So how has the two-level game been altered by the GOPs recent shenanigans? Firstly, it’s unlikely that Tom Cotton or Bill Kristol really believe that the Iranians require a constitutional lesson. More likely they are deliberately trying to reinforce Ayatollah Khamenei’s known fear that the next US president could renege on any deal. In this sense, the two level game has become multi-directional as US domestic actors try to undermine the attempt by Iranian negotiators to build a package acceptable to their domestic constituents. But by intervening in the Iranian domestic process, the GOP might hasten the political revival of Iranian hardliners at the same time as they erode bi-partisan support for confronting them.
Coming just days after Republican House Speaker John Boehner invited Israeli Prime Minister Benjamin Netanyahu to excoriate the talks as a ‘bad deal’ at a joint meeting of Congress, the domestic context in which Obama will present any deal with Iran has also been altered in a way that is unlikely to benefit the hawks. The key to Obama’s domestic bargaining is to increase the costs for those who will have to actively destroy a deal that is acceptable not just to the US executive branch but key European allies. This becomes even harder if Iran is seen to be keeping its side of the bargain. In opposing a deal, Congress is already acting against the wishes of most Americans; now the GOP will be seen to be doing so on the basis of a pathological hatred of Obama, a disregard for diplomatic protocol, and a subservience to moneyed domestic lobbies. If criticism of GOP sabotage continues to grow, Obama may even feel confident enough to seek UN Security Council ratification for the deal. This could mean that Congress or the next President can reimpose congressional sanctions only by violating international law. In foreign policy, the reverse gear is often hard to find. Senator Cotton may just have made it harder.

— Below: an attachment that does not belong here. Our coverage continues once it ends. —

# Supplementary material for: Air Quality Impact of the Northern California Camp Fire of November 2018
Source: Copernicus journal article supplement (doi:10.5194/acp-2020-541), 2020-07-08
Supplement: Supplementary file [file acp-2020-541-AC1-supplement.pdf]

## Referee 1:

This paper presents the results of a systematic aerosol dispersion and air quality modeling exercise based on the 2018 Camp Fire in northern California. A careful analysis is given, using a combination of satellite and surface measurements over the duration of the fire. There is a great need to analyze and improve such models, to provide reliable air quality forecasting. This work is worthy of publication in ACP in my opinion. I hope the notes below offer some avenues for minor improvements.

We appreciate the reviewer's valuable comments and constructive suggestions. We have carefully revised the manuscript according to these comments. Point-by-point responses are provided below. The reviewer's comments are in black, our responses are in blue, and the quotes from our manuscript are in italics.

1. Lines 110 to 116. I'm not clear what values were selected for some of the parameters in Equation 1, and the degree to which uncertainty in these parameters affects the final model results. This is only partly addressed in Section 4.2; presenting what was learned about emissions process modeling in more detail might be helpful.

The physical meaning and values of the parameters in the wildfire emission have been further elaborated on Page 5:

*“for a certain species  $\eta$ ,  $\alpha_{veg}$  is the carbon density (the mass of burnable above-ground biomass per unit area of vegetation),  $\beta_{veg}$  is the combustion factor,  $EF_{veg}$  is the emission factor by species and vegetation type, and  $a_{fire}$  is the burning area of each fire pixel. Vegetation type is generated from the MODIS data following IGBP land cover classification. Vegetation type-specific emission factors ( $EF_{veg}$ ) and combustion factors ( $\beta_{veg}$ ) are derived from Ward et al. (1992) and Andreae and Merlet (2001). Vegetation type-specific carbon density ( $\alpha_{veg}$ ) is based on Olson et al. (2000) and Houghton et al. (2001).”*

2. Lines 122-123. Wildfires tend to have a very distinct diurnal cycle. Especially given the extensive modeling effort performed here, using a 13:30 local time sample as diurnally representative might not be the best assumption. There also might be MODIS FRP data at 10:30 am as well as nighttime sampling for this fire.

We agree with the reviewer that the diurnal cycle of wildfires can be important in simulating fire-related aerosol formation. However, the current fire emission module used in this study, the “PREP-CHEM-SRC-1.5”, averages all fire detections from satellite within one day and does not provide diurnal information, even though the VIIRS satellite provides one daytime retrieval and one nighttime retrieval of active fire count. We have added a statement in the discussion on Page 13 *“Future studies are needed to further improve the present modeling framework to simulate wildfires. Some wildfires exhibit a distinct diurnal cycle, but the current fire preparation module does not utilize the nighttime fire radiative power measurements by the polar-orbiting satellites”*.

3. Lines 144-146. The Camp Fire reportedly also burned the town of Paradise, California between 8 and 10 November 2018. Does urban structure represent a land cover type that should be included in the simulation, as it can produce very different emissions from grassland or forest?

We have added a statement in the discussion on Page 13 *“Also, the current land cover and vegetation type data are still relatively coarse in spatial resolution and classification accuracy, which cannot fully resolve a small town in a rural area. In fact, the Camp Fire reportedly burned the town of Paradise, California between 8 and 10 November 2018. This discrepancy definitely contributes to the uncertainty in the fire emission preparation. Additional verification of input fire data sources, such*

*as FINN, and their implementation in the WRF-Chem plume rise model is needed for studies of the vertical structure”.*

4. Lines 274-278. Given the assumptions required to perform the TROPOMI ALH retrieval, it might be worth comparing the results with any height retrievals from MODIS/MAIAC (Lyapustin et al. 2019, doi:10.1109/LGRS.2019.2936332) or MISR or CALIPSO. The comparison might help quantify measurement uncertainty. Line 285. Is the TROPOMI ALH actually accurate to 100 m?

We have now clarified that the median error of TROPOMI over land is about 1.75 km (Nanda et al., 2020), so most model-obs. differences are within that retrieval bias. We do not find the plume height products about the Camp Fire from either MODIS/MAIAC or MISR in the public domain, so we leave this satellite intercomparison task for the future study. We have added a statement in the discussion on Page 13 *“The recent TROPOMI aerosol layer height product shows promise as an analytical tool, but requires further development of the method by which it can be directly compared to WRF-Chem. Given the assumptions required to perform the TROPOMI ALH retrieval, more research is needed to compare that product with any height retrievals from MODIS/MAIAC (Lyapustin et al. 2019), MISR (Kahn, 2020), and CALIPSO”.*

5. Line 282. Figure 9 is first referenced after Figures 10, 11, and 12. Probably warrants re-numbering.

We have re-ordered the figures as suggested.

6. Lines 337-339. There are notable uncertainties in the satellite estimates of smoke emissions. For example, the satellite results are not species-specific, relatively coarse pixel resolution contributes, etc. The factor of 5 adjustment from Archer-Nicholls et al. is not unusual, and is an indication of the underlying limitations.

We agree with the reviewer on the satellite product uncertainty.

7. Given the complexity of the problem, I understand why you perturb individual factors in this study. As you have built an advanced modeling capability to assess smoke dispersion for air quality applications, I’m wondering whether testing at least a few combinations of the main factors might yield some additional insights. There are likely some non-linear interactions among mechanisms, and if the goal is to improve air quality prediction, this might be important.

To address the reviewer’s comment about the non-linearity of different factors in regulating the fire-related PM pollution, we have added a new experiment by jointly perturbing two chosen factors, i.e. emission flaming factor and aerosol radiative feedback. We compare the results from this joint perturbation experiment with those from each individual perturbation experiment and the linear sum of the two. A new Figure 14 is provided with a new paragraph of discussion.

At the same time as criticising Obama for abrogating America’s role as the ‘indispensable state’, GOP leaders are effectively telling the world that the President’s word is not to be taken seriously. No wonder America’s European allies are horrified. In their lust to snuff-out Obama’s political legacy, the GOP present the image of a dysfunctional superpower incapable of making decisions according to calculations of its own interests, let alone those of the international community.
Note: This article gives the views of the author, and not the position of USApp– American Politics and Policy, nor of the London School of Economics.
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Christian Emery – University of Plymouth
Christian Emery is a Lecturer in International Relations at the University of Plymouth. He completed his PhD at the University of Birmingham and was a Fellow in the Department of International Relations at the London School of Economics between 2010 and 2013. He is the author of several articles and book chapters on US foreign policy and US-Iranian relations and he has written for a variety of mainstream media outlets. ‘US Foreign Policy and the Iranian Revolution‘ (Palgrave, 2013) is his first monograph.